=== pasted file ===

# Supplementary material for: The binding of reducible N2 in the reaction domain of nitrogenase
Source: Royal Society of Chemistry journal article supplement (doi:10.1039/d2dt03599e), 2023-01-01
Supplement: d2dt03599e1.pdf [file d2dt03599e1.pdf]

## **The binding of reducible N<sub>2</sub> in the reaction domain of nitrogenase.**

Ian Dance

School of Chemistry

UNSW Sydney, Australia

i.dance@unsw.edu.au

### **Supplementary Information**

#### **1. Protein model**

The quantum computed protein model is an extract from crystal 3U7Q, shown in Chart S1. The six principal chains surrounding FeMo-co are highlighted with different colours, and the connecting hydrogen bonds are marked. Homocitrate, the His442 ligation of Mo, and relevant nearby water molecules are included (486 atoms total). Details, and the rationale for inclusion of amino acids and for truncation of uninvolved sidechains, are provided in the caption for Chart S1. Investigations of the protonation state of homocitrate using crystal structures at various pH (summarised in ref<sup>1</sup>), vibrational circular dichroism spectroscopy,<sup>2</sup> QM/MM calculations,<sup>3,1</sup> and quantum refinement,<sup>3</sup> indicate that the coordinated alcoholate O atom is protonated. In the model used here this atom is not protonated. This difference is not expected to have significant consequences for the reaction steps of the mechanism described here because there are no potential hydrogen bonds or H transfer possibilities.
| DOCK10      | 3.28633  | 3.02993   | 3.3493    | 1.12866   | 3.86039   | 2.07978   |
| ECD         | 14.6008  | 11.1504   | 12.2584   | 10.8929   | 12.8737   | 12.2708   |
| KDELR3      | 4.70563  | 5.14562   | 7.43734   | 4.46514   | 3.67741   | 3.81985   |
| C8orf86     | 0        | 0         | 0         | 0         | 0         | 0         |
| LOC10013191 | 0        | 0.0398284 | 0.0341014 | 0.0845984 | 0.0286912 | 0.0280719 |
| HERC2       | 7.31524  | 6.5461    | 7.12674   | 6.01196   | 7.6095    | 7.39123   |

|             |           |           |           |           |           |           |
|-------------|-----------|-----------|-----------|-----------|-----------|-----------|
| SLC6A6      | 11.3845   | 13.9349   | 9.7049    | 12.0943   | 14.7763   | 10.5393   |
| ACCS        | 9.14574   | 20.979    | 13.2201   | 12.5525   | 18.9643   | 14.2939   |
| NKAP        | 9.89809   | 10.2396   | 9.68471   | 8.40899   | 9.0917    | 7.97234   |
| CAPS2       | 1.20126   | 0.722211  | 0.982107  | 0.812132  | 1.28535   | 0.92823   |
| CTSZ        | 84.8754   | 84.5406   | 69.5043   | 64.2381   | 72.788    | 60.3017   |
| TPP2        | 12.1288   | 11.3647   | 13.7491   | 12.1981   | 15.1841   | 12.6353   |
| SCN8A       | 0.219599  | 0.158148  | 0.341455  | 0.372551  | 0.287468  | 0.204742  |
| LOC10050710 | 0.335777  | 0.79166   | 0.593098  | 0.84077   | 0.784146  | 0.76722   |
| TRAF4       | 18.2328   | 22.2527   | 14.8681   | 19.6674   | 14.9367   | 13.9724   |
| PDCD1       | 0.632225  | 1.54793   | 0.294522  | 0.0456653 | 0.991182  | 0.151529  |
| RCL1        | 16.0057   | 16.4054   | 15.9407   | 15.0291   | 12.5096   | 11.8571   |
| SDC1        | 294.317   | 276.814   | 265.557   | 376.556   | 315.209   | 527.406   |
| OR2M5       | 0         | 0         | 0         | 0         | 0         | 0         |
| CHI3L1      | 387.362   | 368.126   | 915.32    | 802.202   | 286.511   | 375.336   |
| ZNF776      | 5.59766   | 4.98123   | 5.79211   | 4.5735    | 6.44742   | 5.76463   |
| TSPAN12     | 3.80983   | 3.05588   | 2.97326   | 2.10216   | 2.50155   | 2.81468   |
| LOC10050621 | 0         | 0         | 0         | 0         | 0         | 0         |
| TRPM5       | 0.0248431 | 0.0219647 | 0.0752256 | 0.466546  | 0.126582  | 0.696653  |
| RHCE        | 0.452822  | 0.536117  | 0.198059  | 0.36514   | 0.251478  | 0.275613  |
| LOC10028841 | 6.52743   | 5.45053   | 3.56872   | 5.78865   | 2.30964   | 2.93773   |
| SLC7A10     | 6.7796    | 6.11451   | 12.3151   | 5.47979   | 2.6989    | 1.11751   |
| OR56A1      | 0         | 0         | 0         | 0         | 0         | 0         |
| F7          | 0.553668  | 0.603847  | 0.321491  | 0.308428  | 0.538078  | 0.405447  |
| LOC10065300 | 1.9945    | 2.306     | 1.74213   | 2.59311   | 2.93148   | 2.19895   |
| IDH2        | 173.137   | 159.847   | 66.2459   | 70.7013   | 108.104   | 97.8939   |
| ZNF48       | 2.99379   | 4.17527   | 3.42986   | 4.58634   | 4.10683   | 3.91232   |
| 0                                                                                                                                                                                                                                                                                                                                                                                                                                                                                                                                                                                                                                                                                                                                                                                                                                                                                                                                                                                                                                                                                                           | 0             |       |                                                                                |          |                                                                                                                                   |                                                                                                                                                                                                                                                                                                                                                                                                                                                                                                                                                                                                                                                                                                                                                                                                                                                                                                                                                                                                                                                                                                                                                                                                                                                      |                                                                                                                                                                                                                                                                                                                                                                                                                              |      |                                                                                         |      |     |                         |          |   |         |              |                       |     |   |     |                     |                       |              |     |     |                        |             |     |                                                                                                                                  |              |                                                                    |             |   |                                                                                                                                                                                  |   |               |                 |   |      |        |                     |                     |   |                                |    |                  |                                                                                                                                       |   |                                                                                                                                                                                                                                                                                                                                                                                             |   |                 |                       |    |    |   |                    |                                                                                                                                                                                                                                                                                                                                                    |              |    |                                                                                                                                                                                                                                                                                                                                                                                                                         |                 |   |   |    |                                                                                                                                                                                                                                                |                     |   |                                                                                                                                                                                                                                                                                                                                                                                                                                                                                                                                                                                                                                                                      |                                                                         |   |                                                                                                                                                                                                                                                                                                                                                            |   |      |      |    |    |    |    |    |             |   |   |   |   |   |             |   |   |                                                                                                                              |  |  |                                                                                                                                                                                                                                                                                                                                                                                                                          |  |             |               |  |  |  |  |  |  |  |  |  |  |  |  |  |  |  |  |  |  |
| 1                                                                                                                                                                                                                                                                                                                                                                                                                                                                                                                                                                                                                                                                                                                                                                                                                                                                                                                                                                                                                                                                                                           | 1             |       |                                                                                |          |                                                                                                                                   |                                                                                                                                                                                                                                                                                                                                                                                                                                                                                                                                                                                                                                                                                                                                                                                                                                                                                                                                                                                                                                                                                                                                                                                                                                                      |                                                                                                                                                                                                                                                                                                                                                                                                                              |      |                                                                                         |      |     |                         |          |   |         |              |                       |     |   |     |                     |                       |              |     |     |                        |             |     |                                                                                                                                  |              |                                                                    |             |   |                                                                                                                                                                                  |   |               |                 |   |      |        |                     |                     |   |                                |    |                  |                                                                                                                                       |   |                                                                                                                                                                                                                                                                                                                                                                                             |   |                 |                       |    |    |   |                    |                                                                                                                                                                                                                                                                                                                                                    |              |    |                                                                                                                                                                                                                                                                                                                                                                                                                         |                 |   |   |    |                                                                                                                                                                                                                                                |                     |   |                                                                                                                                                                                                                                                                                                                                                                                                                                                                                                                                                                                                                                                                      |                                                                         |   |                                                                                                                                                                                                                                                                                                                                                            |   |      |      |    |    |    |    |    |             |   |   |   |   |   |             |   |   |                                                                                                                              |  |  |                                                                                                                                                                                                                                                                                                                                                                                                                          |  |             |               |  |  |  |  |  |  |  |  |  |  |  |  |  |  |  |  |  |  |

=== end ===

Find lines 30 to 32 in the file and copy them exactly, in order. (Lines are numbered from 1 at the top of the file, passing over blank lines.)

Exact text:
| RCL1        | 16.0057   | 16.4054   | 15.9407   | 15.0291   | 12.5096   | 11.8571   |
| SDC1        | 294.317   | 276.814   | 265.557   | 376.556   | 315.209   | 527.406   |
| OR2M5       | 0         | 0         | 0         | 0         | 0         | 0         |